Council resolves supervisory issue with Police Chief
By MIKE EDDLEMAN
After months of discussions behind closed doors, the City Council shifted once again, voting unanimously to make City Administrator Greg Boatright the direct supervisor of Police Chief Maverick Campbell.
Over four consecutive meetings the issue had been listed on the council agenda, with discussion moved each time to executive session by Mayor Rick Hall. Each time the council emerged with no decision or public discussion of the issue until Monday, when a motion was made by Council Member Troy Whitehead and seconded by Council Member Ron Rhea following another 45-minute closed-door discussion.
The first motion was to amend the City’s employee handbook, clarifying supervisory authority for city employees. The second motion was to amend Campbell’s employment contract, clarifying that he would “report to and receive direct supervision from the city administrator on a day-to-day basis.” Both motions passed unanimously without further discussion.
The Council is expected to approve an amended ordinance related to supervisory responsibilities for city employees at its next meeting.
The chain of command for the police chief first became an issue in May 2017, when Campbell began reporting to then-Mayor Connie Fuller, instead of Boatright.
The issue re-surfaced on the council agenda following the May election of Hall, who said he had no preference regarding who Campbell would report to.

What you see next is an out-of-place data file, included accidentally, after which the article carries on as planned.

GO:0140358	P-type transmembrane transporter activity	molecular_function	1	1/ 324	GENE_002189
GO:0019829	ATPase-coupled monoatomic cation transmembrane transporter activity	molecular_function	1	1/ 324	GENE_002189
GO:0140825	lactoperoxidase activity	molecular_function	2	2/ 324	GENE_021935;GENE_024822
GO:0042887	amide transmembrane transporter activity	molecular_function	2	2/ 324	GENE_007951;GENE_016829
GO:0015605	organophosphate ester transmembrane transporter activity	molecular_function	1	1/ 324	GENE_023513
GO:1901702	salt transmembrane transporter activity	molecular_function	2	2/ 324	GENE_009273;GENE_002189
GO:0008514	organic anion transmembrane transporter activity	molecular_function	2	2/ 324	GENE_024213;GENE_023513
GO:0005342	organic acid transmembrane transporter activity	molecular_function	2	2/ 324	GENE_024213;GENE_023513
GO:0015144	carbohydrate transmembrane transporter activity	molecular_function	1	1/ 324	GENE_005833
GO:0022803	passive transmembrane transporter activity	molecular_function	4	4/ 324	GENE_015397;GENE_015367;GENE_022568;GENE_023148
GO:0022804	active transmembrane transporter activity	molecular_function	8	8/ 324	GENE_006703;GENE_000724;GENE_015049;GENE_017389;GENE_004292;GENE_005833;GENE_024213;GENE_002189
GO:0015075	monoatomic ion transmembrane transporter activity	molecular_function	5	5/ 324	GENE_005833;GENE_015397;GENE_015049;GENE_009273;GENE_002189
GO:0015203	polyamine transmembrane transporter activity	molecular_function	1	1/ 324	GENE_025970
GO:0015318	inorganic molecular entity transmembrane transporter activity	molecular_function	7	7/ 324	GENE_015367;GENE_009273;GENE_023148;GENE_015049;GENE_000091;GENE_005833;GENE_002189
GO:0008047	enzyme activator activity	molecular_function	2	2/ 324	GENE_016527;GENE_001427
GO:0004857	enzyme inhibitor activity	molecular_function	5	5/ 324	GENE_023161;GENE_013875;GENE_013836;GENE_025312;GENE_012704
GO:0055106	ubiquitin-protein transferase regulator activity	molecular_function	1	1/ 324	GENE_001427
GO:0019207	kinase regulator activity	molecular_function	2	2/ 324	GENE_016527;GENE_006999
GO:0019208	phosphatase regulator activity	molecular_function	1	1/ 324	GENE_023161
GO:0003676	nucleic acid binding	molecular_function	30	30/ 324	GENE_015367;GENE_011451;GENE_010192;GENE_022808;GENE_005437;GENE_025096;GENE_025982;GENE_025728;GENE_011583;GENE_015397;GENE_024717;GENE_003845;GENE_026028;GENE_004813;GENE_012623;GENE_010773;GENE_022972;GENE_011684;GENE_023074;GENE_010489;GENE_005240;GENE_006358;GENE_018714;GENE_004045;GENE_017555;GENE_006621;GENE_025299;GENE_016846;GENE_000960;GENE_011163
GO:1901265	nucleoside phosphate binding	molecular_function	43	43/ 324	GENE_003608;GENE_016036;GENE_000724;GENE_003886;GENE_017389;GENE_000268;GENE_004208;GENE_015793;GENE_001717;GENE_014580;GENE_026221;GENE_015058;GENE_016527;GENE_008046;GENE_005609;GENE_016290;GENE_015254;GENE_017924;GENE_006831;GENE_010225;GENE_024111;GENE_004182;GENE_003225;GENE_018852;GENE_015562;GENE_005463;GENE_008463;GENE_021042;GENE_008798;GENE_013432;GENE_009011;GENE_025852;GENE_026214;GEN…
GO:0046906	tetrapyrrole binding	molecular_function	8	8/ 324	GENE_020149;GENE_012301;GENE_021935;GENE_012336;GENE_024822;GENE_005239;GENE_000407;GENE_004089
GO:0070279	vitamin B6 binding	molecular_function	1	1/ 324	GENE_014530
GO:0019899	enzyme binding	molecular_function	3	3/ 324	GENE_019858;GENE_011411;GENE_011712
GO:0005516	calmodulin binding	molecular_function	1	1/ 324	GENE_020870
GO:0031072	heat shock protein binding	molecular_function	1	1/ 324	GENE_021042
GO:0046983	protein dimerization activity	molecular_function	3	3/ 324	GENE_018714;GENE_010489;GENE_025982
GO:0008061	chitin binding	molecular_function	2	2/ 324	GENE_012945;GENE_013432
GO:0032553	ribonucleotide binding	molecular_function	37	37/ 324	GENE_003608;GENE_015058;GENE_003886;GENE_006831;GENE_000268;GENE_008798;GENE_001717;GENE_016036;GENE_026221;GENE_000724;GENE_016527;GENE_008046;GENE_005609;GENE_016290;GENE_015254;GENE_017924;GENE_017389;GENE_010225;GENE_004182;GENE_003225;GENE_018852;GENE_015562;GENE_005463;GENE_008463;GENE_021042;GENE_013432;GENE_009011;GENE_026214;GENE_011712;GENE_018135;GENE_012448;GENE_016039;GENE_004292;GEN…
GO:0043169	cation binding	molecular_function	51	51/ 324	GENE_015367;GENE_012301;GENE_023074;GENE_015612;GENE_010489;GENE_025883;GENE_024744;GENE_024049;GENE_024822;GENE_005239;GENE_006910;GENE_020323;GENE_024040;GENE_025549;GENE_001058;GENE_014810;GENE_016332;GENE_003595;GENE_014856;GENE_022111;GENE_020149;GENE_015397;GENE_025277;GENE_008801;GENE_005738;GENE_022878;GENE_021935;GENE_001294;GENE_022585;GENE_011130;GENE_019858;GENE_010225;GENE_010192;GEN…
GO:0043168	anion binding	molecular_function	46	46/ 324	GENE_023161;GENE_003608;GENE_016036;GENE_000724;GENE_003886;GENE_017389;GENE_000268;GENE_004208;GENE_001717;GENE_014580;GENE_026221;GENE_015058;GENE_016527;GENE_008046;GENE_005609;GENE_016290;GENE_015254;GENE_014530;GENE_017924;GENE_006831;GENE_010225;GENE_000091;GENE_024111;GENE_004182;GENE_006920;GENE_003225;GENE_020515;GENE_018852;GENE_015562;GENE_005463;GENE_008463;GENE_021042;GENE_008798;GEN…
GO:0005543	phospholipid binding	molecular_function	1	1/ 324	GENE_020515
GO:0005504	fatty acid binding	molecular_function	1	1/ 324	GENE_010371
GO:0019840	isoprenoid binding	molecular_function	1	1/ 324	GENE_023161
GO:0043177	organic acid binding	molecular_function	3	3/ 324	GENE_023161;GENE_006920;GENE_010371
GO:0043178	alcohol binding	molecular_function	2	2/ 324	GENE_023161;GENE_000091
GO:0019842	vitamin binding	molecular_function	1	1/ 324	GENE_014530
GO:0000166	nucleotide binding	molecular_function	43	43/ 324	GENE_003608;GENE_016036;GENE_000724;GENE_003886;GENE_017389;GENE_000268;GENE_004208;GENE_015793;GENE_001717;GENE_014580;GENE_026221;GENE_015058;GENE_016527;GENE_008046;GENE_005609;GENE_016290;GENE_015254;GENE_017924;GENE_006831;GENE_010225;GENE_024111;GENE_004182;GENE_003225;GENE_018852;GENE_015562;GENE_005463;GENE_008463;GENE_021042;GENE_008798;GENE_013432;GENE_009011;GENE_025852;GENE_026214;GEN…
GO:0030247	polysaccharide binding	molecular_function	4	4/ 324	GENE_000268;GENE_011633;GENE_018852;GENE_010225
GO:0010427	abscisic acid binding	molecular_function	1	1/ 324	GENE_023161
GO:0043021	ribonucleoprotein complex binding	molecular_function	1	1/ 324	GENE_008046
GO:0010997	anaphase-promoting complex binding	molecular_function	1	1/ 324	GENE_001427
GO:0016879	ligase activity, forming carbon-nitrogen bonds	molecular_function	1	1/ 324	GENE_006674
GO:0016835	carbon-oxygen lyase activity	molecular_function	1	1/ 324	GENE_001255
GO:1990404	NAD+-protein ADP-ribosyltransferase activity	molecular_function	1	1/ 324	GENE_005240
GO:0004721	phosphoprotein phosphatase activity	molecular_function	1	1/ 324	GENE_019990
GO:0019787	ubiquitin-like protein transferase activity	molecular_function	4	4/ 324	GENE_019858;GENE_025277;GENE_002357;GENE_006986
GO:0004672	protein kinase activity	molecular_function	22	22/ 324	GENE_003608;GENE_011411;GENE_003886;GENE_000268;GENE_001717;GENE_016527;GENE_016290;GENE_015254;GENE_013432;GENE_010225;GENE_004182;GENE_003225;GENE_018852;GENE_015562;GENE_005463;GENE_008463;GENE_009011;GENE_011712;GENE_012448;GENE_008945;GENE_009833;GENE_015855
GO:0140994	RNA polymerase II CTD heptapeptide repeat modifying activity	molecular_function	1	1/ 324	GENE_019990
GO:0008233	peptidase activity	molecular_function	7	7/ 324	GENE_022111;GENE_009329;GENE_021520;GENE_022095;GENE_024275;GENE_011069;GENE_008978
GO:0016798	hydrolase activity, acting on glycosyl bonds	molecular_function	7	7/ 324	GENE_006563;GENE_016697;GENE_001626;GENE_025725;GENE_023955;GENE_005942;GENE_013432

“I am glad because now it’s behind us and now we can move on,” Hall said after the meeting Monday. “I said in the beginning, all I am wanting to do is what’s best for the city and I think we finally have it done and over with and we’re moving on so now we can actually get to the job we are supposed to be doing making our city grow and prosper.”
Campbell and Boatright had disagreed on staffing issues for the police department prior to the change made last May. From his perspective, Campbell said stories that there had been problems between he and Boatright were not true.
“When they made that last change there was some speculation it signaled a dispute or disagreement at city hall, that was not the case. Not everyone is going to agree on things, it’s not a perfect world, but we work through those things as a team,” Campbell said in May, adding he felt he could work under either circumstance. “I can work for anybody as long as it’s ethical and what they’re asking of me is within the laws that I am responsible for upholding. I respect whatever the decision the governing body makes as far as who I report to. Whatever they decide I respect that decision and it will be business as usual for me.”
Campbell was not present for this week’s Council meeting.
The Liberty Hill Sculpture Celebration committee made a short presentation and funding request to the council, seeking $20,000 to help fund this year’s festival in October.
The presentation focused on goals of the festival and popular activities from last year’s event, but the lack of information regarding costs and the financial situation of the Liberty Hill Development Foundation to help cover costs left council members with more questions than answers.
The Liberty Hill Development Foundation owns Lions Foundation Park and the sculptures.
In the end, the Council chose to table the funding request, asking that the event committee return to the next council meeting July 23 with alternative suggestions for additional funding options.
“There are so many more options than presenting them with a blank check,” Council Member Liz Branigan said.
Kim Sanders, a member of the Development Foundation and president of the Liberty Hill Chamber of Commerce, who made the presentation to the council, said the goal was to raise $20,000 for preservation, maintenance and restoration of the sculptures at the Intermediate school, adjacent to Lions Foundation Park.